As the weeks have gone on, I’ve found myself making more and more lists. I write them on scrap paper, envelopes, and post-its. My now eleven-year-old daughter and I make one called “A Guide to Wellness During the Coronavirus” and list the physical, mental, emotional, and spiritual things we can do for ourselves each day.

    I make a list of all of the items in my refrigerator and pantry, and household items I might need. I make a list of people I know who work in healthcare so that I can remember to encourage them. I make a list of ways I can help—sew masks, write, and call to check on people. It makes me feel less helpless. 

    But in the moments when I am too overwhelmed to write complete sentences, I sit outside with my journal and write lists of a very different kind. These aren’t the bullet journals and productivity hacks we normally use to feel in control or productive.  They are not a means to nail things down, but a way to open things up. Lists don’t have to be rigid or demanding. They don’t have to be confining. They can offer space, room for evolving, and even grace. Things can be crossed off. New lists can be made. Old ones can be crumpled and thrown out, even if they’re unfinished. 

    I follow Mary McEntyre, the writer and author of “Make a List,” and use her cue and write creative open-ended lists in my journal. I pick titles like “Things I’m Afraid of,” or “Things I Can Let Go” or “What I need Right now.” McEntyre says that making a list is “a way of calling to our own attention those things that might have lingered at the margins of our awareness giving them a place as we reorder our priorities.”

    This is certainly a time of reordering priorities. “In the process of making a list, I generally find that I can, as a therapist used to advise, ‘go to the place in me that knows,'” she writes. On the long days and weeks of this pandemic, I go to that place.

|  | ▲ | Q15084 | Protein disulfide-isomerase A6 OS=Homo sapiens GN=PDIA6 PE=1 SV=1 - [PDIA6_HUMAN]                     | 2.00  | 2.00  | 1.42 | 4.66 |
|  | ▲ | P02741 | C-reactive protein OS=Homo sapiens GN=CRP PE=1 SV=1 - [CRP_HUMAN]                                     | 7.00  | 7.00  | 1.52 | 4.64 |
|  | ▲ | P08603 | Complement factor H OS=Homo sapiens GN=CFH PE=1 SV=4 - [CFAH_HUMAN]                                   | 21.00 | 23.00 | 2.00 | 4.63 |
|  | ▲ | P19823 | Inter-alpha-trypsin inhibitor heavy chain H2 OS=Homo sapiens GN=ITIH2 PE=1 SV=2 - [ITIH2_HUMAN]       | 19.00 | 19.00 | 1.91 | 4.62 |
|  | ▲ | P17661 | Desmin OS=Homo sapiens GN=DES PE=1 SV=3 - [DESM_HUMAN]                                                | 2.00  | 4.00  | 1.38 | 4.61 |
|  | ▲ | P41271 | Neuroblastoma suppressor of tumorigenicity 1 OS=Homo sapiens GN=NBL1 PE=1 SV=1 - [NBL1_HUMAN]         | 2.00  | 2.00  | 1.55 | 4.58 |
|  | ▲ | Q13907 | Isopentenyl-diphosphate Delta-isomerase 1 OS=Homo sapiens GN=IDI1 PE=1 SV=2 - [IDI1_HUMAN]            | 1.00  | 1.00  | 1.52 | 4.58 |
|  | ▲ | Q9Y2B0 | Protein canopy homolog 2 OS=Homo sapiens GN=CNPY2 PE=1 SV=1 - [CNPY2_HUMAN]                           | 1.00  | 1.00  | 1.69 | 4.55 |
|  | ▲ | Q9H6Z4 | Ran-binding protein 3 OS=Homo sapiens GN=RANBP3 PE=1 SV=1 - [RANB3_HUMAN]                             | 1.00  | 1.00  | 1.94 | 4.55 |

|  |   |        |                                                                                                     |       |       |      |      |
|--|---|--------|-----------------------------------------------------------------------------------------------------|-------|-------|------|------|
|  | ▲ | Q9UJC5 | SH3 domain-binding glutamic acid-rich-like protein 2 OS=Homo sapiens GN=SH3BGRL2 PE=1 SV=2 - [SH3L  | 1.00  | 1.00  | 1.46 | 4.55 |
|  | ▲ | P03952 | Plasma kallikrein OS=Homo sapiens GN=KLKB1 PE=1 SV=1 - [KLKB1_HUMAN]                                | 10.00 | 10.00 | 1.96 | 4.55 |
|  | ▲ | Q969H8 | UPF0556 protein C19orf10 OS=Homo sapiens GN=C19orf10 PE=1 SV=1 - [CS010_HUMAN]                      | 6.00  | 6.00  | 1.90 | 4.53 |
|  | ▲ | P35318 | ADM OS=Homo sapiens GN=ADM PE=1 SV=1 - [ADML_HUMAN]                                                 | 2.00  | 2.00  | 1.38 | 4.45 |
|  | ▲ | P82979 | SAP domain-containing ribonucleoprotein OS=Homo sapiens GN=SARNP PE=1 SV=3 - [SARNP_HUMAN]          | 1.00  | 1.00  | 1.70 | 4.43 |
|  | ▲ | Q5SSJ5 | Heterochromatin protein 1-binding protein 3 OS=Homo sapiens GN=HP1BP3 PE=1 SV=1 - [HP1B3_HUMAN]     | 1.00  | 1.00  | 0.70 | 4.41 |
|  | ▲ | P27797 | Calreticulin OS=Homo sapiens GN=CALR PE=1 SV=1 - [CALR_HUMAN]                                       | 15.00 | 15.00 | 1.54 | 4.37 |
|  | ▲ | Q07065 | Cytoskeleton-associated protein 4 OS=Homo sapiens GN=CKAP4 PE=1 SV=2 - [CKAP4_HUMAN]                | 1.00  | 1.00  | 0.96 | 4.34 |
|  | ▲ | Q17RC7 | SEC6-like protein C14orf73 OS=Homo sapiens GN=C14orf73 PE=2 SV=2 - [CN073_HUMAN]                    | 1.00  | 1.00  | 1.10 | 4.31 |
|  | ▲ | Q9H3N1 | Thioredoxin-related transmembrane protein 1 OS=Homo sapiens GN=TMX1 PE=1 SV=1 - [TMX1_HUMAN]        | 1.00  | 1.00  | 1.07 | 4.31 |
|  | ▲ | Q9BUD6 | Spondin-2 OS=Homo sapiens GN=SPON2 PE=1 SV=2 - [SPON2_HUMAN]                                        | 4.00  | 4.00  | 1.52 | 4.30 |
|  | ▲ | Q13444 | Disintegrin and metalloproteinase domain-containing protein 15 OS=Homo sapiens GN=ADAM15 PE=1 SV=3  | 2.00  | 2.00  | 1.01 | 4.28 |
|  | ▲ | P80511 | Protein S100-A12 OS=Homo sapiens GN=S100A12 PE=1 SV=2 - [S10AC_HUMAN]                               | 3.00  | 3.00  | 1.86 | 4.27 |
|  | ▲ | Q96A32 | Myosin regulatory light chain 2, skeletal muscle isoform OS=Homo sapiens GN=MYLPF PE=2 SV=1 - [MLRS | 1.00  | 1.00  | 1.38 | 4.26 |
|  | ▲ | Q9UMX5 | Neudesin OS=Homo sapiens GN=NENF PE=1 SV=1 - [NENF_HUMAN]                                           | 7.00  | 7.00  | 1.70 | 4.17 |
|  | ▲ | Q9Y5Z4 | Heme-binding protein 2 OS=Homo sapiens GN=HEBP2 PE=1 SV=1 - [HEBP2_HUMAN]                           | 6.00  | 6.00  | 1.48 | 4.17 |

Even the humblest of lists can bring us a sense of grounding and connection. After a move a couple of years after my husband died, I found another woman’s shopping list while trying to navigate my new, unfamiliar grocery store. On one side of the unused return envelope was a list of errands: “K-clothes, J-clothes, laundry, cleaners, library,” and on the other, her grocery list under the heading “Shabbat Dinner”: “eggs, turkey, onions, apple chips, 4-6 pound brisket…” I picked up the envelope and kept it. In a new town I somehow felt comforted and less alone. There is a website that actually collects these types of found grocery lists and has over 3000 of them, so I am not alone in that feeling. 

    More than seven years later, I still have that woman’s grocery list. I also still have that giant torn sheet of IKEA art roll paper. In many ways it represents my survival. Tacking up that to-do list on my bedroom wall was evidence that I was still alive, despite what I had lost.

    Never underestimate the power of a list. It is a way of moving forward even when things feel stalled. It’s an act of creating when creating feels hard.